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NBFCs have played a vital role, lending primarily to the infrastructure, real estate and auto industry. However, the cascading crisis that started with the fiasco at IL&FS revealed that their collapse could expose the entire financial system to grave danger. The NBFC crisis in 2018, for instance, engulfed not only these companies, but soon enveloped credit rating agencies (which were again shown to have been negligent in their practices), mutual funds and the audit firms that had turned a blind eye to sharp practices in the industry.

There are good reasons why NBFCs, especially the larger ones, would like to turn into banks. One major attraction is the low interest rates on bank deposits, which are in fact currently at a historic low. Unlike banks, NBFCs access to liquidity is at much higher rates of interest, which automatically translate into lower margins in a competitive market. Although it is true the bar for regulation is much higher for banks, which also impose costs on operations, the advantage of scale that a pure banking operation offers is attractive to many of these prospective entrants.

But from a regulatory perspective, the arrival of the new entrants could add to the supervisory burden on the RBI. This is especially significant because there has been criticism that the RBI has been found wanting in quickly checking malpractices and violations of regulations in the banking sector. Critics point to the string of banking frauds and wrongdoing in banks to assert their case. They point out that both the RBI as well as the finance ministry have been negligent in playing their oversight role as. The Finance Ministry — acting through its nominees in bank boards — has proved inept at providing corrective action and the central bank has been found wanting in its key task, that of supervision of banks’ performance. To add more banks, especially those that arise from a suspect pedigree — indicated by the NBFC crisis that is yet to blow over fully — would swell the task of the RBI, they aver.

In fact, although S&P (Standard & Poor’s) Global Ratings said it expected the move to further financial stability, it pointed out that it is “sceptical” of allowing corporate ownership in banks. It explained its apprehension by referring to “India’s weak corporate governance record amid large corporate defaults over the past few years.”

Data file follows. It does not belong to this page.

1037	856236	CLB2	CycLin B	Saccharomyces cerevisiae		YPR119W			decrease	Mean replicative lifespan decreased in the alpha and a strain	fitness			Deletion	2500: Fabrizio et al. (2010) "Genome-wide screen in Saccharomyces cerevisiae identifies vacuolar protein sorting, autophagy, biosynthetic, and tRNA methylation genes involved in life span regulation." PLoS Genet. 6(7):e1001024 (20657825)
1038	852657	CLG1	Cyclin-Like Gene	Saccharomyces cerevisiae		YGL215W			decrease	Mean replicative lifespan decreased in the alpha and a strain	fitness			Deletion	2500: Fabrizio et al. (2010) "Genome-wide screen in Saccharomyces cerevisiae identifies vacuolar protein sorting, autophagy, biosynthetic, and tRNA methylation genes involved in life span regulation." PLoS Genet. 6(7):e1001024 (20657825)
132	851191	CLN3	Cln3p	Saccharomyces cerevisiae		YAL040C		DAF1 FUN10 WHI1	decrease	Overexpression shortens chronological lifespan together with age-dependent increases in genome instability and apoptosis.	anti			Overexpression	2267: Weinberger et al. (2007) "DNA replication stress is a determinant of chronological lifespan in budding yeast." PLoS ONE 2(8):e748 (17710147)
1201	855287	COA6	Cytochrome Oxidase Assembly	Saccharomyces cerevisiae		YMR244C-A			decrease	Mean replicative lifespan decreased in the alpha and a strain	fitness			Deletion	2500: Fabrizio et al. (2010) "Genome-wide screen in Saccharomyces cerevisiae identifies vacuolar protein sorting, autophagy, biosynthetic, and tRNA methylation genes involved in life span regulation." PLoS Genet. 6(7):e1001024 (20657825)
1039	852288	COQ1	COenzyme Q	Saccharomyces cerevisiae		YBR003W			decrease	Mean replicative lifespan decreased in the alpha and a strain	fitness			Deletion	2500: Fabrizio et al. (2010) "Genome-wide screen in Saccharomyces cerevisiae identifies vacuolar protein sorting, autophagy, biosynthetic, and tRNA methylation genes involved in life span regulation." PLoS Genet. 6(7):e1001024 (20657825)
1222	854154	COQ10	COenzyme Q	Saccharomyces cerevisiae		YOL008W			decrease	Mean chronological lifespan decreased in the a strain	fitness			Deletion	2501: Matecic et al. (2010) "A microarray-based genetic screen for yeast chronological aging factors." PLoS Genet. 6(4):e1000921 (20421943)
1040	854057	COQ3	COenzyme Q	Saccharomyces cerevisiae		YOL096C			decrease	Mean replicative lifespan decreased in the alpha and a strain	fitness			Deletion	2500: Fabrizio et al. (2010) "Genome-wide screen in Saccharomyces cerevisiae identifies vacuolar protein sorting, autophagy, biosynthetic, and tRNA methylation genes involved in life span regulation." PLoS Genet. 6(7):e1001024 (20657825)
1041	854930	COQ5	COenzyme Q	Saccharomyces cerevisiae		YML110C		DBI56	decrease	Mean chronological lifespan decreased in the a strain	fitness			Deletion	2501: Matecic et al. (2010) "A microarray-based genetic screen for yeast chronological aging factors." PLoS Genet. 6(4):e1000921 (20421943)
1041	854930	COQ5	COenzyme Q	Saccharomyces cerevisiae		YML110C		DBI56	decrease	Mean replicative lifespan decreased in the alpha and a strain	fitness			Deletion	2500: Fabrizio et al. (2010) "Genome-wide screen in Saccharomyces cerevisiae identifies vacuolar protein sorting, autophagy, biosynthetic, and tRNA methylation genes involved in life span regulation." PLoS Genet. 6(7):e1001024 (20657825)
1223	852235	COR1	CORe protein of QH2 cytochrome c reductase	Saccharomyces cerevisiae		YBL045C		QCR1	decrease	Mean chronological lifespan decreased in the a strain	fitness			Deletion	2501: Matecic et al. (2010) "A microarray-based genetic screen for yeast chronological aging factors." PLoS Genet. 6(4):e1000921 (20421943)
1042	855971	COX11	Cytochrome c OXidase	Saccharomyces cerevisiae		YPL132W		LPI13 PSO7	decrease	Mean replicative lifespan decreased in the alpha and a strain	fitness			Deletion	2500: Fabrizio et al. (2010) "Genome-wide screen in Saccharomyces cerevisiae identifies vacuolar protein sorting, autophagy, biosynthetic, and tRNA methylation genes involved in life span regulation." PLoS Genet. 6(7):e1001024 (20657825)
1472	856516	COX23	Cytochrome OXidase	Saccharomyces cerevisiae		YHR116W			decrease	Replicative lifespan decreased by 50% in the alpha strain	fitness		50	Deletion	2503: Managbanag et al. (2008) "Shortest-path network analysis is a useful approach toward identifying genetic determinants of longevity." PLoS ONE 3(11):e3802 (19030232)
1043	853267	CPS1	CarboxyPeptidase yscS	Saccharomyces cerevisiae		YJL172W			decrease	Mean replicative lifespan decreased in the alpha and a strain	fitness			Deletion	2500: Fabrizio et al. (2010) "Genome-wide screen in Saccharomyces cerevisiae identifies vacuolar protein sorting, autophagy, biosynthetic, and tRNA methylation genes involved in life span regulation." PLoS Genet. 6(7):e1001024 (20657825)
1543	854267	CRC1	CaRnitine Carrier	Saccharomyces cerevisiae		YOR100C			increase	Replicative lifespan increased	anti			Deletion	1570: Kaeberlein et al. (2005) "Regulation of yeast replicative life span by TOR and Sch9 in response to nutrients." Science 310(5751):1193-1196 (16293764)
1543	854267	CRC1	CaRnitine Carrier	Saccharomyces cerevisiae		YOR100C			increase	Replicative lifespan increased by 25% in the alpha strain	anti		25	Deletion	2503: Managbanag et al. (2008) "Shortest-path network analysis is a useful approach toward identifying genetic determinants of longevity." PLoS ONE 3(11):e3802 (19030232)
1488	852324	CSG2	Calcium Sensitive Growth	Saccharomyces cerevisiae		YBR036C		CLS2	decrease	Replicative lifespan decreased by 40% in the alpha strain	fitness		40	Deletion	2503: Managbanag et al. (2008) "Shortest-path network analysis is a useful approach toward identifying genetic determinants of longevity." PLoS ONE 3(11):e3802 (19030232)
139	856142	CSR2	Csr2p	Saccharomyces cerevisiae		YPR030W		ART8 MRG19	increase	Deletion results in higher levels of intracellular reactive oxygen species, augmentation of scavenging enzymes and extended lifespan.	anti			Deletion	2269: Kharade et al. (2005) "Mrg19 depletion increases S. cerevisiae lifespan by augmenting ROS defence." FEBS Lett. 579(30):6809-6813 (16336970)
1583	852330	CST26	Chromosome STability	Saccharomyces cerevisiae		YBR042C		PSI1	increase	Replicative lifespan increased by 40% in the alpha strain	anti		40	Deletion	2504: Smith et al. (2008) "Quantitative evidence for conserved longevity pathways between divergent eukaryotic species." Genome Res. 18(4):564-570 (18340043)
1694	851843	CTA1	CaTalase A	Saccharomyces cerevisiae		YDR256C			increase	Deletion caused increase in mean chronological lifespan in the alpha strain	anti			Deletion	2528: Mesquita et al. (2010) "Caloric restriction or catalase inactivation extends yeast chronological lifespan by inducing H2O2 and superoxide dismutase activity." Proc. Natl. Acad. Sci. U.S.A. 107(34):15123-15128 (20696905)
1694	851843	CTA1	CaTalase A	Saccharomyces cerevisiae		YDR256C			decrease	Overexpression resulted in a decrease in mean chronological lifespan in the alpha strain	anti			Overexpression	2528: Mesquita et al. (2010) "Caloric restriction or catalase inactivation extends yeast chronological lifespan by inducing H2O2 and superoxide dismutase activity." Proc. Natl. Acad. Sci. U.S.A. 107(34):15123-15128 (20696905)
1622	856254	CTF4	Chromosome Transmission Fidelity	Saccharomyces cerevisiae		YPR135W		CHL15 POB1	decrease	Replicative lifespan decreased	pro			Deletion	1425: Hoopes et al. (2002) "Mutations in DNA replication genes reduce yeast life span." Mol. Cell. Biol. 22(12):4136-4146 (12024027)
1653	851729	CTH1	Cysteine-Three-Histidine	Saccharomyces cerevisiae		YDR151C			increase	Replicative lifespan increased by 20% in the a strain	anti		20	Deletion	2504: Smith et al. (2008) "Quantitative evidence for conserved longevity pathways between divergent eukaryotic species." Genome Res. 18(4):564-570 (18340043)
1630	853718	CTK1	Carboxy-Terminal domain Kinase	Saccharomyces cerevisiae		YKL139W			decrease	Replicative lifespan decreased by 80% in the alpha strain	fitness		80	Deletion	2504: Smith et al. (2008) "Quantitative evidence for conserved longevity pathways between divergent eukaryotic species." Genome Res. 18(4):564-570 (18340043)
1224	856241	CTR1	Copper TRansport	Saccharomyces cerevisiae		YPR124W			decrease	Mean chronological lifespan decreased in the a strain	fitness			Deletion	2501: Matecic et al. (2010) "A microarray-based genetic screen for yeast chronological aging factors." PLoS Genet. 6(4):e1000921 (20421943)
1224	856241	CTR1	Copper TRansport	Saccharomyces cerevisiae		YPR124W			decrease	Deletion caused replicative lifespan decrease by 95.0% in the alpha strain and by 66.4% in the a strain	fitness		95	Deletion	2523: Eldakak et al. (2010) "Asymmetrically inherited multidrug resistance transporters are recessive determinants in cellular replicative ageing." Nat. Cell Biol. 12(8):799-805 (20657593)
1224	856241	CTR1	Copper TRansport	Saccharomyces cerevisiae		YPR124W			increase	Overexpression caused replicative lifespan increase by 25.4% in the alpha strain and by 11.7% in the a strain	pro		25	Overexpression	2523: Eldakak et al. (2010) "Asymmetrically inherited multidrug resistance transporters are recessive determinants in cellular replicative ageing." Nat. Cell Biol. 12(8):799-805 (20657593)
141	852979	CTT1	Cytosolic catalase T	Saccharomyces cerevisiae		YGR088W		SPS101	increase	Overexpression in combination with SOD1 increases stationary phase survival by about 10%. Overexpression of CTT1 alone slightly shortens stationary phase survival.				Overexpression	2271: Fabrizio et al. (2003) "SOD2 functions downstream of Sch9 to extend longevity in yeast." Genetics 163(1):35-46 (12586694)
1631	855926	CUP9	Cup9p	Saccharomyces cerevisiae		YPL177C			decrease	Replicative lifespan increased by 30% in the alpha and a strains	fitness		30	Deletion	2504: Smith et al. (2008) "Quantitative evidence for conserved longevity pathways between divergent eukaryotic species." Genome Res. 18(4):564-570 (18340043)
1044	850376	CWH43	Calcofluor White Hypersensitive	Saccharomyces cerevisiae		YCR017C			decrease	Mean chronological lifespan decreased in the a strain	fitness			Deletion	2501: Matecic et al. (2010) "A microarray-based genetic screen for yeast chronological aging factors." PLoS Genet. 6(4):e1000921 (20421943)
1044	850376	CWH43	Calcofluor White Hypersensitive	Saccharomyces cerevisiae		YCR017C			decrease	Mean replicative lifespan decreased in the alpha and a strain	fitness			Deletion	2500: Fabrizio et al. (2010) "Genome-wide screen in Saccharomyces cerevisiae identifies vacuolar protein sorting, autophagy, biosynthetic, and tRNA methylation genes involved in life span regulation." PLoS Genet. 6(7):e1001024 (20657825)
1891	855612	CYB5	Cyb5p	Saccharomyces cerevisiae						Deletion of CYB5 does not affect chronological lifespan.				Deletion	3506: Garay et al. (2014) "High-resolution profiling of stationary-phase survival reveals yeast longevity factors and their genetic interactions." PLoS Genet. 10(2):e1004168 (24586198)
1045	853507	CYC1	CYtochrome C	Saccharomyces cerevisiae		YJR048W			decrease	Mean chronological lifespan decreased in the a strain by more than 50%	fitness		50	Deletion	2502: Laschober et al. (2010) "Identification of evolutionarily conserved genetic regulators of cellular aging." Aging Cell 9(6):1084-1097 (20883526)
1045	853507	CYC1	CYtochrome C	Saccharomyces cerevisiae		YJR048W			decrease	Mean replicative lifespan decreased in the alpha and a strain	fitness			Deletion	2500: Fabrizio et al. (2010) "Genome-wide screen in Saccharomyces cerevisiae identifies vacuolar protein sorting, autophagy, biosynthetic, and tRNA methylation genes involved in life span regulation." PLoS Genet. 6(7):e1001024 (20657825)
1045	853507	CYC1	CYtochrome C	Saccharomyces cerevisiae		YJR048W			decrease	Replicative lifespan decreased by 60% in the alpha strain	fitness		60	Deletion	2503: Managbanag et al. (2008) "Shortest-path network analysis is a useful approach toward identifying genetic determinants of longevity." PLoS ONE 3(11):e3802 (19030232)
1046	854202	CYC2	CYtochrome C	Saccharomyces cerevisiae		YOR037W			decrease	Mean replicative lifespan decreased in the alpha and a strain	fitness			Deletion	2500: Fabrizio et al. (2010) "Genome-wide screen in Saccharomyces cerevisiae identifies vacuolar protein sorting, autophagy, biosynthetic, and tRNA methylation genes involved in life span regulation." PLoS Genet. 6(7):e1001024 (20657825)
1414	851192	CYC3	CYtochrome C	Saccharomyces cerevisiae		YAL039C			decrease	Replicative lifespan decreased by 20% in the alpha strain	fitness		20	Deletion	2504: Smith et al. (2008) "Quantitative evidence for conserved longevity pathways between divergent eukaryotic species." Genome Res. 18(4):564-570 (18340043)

The fact that most of the large Indian conglomerates — from the Tatas and Reliance to the Mahindras — also have an NBFC under their control poses additional systemic risks to the stability of the financial sector. Allowing a large industrial  corporation access to a captive bank would violate a basic premise of banking — maintaining an arms length distance between the owners of funds and their borrowers. The proposals mark a departure from this “conservative” stance in banking regulation. It remains to be seen whether the RBI accepts these proposals.

Rajan and Acharya pointed out that there are good reasons why the arms length formula is regarded as prudential all over the world. Industrial houses, which are periodically scouting for funds, would obviously turn to one that is available in-house as a captive source of finance. The two former central bank officials asked: “How can a bank make good loans when it is owned by the borrower?”

Moreover, Rajan and Acharya pointed out that the RBI in 2016 had prescribed caps on banks’ exposure to industrial groups, which “have been relaxed recently.” The duo also questioned the timing of the move. “Committees,” they pointed out, “are rarely set up out of the blue.” “Is there some dramatic change in perception that it is responding to?” they asked. They also pointed out that all the “experts” that the Group consulted, barring one, were of the view that large industrial houses and corporates ought not be allowed to promote banks. Yet the Group went right ahead and recommended exactly the opposite of what the “experts” had advised it!

The bonhomie that has been characteristic of relations between the RBI and the finance ministry in since the departure of the previous Governor, Urjit Patel, also indicate that much would also depend on how North Block views the significant change of course proposed.